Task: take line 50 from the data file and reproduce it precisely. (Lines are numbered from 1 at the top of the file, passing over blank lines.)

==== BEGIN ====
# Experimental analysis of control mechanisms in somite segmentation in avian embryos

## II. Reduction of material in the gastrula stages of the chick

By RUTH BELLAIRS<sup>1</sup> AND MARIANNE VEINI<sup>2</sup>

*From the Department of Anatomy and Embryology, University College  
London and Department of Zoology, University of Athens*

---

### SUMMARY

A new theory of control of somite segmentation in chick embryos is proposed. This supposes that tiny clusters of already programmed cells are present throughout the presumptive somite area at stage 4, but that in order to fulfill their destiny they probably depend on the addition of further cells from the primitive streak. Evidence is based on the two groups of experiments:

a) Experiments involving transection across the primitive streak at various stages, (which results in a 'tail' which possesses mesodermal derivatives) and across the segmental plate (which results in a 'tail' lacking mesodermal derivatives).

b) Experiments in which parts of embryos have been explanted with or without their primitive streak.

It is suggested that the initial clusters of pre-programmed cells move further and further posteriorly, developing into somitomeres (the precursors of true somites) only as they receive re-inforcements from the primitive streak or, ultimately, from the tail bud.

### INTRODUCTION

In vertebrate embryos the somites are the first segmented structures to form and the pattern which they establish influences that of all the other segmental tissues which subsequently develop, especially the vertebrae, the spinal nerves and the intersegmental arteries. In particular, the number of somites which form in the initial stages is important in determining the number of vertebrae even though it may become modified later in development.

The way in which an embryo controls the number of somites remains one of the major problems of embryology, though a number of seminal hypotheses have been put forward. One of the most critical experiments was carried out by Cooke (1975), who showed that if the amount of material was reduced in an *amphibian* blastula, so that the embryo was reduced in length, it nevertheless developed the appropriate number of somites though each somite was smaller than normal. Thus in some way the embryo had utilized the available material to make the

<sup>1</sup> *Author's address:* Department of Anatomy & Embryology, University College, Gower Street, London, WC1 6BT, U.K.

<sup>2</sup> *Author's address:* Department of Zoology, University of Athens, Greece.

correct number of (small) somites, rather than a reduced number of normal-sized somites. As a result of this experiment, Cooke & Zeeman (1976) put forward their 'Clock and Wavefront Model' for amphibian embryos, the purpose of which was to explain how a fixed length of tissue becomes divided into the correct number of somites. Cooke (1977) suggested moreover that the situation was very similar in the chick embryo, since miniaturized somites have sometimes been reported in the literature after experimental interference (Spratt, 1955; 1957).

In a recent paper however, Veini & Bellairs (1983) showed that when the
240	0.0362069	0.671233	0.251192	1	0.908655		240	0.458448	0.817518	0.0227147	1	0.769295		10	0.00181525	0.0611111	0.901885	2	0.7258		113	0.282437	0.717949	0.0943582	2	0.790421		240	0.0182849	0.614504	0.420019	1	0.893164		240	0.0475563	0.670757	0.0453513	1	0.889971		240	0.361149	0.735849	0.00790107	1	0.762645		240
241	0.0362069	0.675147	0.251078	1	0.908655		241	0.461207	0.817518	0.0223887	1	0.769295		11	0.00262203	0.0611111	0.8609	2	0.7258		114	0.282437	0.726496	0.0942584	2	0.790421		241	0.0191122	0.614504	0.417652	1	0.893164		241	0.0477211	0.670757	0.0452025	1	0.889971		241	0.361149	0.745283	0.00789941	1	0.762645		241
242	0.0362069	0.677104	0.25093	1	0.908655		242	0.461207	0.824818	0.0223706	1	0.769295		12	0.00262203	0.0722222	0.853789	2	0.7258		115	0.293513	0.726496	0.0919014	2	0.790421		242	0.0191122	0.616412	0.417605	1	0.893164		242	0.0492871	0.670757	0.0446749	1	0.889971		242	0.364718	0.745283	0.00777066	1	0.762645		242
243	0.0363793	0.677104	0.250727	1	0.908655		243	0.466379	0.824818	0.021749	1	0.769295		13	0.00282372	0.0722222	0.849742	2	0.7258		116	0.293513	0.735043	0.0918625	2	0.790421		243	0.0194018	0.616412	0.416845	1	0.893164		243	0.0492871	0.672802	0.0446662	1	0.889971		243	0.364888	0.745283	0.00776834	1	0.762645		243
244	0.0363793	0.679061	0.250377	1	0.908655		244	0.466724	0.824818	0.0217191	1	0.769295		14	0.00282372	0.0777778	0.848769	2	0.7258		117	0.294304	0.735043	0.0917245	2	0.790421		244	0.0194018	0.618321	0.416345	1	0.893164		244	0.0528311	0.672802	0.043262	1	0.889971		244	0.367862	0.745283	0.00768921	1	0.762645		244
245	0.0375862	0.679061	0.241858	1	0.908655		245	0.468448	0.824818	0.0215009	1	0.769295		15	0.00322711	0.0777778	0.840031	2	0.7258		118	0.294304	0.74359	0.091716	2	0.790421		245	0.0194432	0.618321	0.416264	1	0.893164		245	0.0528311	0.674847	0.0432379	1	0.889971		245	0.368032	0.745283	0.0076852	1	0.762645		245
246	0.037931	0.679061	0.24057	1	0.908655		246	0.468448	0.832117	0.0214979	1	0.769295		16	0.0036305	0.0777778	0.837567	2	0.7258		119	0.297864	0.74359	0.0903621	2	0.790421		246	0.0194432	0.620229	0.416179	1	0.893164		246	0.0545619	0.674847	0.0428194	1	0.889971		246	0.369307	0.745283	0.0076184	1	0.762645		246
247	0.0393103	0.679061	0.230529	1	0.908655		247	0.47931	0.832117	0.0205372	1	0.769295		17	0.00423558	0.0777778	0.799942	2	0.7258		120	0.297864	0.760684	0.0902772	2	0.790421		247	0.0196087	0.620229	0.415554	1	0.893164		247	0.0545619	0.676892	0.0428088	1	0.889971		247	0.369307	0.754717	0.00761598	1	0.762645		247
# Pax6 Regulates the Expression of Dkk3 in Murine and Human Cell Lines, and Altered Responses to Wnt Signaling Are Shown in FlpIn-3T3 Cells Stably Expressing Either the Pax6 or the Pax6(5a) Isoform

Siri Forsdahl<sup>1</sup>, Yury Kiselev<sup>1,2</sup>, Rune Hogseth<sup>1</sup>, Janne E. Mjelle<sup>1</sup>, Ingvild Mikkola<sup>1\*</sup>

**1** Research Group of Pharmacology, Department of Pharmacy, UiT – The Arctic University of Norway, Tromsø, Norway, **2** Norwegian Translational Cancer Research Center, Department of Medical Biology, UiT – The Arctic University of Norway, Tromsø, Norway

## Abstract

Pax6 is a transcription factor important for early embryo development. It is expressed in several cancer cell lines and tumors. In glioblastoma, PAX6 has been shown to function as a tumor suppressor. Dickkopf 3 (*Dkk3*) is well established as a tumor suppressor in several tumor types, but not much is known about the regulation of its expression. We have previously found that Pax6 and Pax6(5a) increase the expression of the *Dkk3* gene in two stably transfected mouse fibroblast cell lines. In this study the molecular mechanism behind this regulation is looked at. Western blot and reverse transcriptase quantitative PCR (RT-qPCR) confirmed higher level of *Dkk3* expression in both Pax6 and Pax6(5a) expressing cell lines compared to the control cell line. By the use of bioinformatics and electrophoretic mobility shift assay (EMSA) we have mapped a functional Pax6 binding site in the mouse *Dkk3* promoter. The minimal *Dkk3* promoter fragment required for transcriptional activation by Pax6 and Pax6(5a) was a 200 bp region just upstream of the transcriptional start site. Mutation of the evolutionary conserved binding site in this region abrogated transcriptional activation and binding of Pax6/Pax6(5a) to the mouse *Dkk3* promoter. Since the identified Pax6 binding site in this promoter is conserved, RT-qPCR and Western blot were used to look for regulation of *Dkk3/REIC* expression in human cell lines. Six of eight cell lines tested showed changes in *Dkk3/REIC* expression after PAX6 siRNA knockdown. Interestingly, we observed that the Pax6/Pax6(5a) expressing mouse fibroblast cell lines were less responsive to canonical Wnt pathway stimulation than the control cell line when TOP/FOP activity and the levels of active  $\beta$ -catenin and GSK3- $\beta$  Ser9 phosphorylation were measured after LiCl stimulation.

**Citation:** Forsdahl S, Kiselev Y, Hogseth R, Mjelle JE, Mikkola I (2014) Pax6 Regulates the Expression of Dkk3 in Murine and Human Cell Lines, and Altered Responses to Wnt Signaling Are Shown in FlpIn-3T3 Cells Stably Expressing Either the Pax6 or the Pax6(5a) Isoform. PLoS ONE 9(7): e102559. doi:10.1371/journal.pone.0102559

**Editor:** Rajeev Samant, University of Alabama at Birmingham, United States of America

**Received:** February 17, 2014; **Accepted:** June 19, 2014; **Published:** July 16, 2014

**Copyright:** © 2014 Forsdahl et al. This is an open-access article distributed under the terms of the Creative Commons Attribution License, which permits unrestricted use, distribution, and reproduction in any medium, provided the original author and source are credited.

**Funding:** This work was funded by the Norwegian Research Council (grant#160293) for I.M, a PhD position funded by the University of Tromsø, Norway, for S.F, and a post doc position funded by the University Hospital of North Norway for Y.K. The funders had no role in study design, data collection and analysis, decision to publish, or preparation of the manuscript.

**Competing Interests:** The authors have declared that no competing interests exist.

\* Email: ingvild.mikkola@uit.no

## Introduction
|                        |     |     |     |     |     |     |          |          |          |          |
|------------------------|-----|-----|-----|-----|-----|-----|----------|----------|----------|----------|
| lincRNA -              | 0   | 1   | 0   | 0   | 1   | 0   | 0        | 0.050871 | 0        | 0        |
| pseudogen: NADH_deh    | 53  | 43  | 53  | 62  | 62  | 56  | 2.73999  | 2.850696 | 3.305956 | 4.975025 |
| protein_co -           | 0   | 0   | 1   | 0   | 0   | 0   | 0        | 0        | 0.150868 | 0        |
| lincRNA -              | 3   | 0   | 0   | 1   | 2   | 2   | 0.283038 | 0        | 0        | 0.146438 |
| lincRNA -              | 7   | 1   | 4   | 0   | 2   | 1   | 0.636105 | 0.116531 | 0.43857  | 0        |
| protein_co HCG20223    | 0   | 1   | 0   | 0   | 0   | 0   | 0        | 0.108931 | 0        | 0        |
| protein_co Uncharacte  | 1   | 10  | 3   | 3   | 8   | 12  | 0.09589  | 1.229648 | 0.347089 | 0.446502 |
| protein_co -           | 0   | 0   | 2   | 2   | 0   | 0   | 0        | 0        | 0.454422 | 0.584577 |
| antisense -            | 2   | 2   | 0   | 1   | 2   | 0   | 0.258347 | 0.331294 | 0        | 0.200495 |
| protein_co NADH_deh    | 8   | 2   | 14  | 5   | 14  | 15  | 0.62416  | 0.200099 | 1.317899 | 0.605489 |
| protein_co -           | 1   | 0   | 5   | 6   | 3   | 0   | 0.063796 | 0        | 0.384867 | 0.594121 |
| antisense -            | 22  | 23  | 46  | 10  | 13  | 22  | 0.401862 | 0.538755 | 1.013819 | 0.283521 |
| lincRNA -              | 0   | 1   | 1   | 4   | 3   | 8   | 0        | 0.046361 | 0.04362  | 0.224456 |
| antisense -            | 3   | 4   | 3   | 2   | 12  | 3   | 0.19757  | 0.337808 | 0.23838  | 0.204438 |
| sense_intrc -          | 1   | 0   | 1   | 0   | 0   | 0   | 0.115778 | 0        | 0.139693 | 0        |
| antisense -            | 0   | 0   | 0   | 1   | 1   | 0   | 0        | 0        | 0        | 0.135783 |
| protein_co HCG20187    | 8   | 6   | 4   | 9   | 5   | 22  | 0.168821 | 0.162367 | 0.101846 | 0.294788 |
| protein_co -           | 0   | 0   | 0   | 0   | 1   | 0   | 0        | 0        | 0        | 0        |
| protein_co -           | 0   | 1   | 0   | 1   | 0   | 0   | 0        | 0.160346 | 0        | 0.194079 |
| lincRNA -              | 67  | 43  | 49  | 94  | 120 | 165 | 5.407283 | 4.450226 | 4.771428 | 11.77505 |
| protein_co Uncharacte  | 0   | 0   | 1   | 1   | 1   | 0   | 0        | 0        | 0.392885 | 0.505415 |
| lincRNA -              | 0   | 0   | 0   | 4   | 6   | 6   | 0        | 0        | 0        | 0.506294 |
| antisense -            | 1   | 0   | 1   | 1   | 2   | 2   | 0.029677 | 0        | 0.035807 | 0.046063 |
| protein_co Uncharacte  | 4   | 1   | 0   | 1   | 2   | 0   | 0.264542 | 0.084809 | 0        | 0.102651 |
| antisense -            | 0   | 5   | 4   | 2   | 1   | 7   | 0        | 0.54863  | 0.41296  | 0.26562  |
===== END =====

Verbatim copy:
| antisense -            | 2   | 2   | 0   | 1   | 2   | 0   | 0.258347 | 0.331294 | 0        | 0.200495 |